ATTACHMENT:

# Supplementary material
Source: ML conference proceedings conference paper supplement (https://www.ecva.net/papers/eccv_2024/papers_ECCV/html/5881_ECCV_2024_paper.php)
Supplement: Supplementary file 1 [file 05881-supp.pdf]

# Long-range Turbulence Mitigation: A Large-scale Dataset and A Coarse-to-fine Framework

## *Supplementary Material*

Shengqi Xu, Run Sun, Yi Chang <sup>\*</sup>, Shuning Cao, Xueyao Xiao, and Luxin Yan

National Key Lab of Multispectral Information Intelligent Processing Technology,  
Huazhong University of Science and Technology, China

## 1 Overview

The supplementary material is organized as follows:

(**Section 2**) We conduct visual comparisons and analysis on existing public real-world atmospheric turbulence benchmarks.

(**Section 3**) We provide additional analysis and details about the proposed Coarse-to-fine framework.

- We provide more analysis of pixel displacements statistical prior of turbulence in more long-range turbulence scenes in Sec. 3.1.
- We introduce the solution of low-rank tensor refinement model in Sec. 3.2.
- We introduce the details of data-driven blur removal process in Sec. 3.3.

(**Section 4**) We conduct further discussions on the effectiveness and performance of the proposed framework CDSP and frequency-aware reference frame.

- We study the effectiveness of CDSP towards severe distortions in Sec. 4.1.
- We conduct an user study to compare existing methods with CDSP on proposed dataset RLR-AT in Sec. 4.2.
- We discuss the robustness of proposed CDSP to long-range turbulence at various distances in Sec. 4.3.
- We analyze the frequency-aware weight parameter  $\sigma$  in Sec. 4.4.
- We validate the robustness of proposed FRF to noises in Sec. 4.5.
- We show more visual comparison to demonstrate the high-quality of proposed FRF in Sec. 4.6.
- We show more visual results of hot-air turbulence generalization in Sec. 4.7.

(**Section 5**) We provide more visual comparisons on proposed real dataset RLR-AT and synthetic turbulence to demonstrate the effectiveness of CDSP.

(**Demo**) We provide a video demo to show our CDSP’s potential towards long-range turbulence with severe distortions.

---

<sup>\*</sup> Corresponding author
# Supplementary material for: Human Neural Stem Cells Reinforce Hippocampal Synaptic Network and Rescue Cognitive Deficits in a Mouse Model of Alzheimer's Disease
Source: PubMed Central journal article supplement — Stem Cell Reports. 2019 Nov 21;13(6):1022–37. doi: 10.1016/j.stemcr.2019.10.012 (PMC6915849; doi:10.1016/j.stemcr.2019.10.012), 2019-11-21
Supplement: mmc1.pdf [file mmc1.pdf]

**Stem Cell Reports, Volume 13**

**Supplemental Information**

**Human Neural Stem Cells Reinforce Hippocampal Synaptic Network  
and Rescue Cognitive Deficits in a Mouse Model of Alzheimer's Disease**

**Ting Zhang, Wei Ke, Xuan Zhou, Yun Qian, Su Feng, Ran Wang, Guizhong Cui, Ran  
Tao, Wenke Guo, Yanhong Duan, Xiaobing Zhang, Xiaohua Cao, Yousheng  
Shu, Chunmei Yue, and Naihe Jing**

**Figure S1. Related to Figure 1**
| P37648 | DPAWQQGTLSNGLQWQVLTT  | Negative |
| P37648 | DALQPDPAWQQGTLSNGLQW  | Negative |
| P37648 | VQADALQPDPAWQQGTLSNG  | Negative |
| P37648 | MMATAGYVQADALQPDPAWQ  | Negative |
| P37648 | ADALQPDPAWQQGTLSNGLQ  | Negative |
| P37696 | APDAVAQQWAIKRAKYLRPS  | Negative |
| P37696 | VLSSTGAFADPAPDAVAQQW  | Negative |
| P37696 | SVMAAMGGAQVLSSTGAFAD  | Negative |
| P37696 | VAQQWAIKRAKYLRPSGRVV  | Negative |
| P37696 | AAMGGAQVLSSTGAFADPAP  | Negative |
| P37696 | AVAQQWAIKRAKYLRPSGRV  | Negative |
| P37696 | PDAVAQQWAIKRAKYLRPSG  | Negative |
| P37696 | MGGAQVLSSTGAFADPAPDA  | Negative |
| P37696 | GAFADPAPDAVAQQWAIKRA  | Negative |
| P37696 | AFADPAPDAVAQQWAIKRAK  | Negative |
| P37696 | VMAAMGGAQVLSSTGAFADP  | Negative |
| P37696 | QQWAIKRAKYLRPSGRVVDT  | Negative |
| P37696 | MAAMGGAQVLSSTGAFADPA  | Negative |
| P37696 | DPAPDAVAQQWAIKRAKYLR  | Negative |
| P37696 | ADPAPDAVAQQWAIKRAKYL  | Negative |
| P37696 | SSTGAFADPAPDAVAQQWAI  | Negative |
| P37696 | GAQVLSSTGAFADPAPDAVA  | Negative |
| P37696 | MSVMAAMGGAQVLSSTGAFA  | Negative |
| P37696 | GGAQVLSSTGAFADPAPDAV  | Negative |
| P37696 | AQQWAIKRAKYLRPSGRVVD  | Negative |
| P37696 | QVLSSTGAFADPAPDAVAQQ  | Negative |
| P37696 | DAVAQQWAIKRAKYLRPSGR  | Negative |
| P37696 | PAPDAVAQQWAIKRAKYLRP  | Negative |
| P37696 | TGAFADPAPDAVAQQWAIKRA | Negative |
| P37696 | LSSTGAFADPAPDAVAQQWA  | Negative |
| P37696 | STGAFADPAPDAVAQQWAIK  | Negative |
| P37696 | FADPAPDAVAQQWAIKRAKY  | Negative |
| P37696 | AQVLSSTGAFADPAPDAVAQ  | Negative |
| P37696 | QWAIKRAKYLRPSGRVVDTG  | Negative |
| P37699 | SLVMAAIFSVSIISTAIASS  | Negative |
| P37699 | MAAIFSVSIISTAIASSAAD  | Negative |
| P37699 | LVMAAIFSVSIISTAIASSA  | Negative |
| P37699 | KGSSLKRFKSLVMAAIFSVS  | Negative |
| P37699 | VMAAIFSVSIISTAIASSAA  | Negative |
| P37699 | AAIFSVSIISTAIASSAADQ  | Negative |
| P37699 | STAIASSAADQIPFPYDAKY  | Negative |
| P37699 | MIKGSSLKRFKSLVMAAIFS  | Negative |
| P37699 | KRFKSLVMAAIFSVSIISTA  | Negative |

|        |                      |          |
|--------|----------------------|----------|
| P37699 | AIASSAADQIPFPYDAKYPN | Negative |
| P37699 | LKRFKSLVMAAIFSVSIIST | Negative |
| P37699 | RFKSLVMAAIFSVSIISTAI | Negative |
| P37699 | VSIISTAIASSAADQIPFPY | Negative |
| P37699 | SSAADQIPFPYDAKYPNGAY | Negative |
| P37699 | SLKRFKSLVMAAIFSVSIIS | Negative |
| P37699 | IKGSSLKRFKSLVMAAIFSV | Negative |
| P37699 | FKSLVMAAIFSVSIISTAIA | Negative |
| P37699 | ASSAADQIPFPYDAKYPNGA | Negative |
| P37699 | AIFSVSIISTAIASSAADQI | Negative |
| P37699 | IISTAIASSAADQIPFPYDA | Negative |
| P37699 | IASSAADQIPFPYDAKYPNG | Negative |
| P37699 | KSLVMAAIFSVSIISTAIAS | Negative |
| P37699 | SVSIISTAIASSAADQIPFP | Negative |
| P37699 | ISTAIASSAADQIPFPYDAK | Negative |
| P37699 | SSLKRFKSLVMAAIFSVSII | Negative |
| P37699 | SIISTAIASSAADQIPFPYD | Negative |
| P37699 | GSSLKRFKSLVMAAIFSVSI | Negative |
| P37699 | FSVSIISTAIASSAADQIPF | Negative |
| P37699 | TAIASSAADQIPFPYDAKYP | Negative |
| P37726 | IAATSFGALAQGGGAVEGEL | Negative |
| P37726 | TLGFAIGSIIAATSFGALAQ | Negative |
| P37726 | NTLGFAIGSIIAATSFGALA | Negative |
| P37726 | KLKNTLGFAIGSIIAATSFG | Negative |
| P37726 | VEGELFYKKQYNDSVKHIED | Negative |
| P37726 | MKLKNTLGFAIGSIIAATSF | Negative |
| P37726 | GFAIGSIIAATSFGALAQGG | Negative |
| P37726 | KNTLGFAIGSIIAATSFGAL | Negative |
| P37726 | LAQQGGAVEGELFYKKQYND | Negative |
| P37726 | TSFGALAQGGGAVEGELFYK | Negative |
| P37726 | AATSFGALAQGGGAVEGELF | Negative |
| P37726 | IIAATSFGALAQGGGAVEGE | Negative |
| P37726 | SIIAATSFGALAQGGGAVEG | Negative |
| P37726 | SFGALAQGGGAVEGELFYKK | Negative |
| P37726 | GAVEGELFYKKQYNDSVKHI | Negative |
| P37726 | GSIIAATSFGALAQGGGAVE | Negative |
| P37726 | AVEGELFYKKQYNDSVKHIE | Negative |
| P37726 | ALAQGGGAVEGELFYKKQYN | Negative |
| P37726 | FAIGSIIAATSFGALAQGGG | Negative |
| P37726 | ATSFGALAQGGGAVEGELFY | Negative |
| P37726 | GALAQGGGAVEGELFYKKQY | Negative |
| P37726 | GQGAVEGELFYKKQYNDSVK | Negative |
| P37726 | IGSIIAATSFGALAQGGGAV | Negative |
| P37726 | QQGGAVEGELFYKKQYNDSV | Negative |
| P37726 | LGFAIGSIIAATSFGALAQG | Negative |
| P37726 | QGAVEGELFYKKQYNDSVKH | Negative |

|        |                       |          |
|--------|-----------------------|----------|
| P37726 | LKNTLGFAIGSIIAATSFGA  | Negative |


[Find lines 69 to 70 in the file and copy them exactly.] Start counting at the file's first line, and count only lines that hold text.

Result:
| P37696 | STGAFADPAPDAVAQQWAIK  | Negative |
| P37696 | FADPAPDAVAQQWAIKRAKY  | Negative |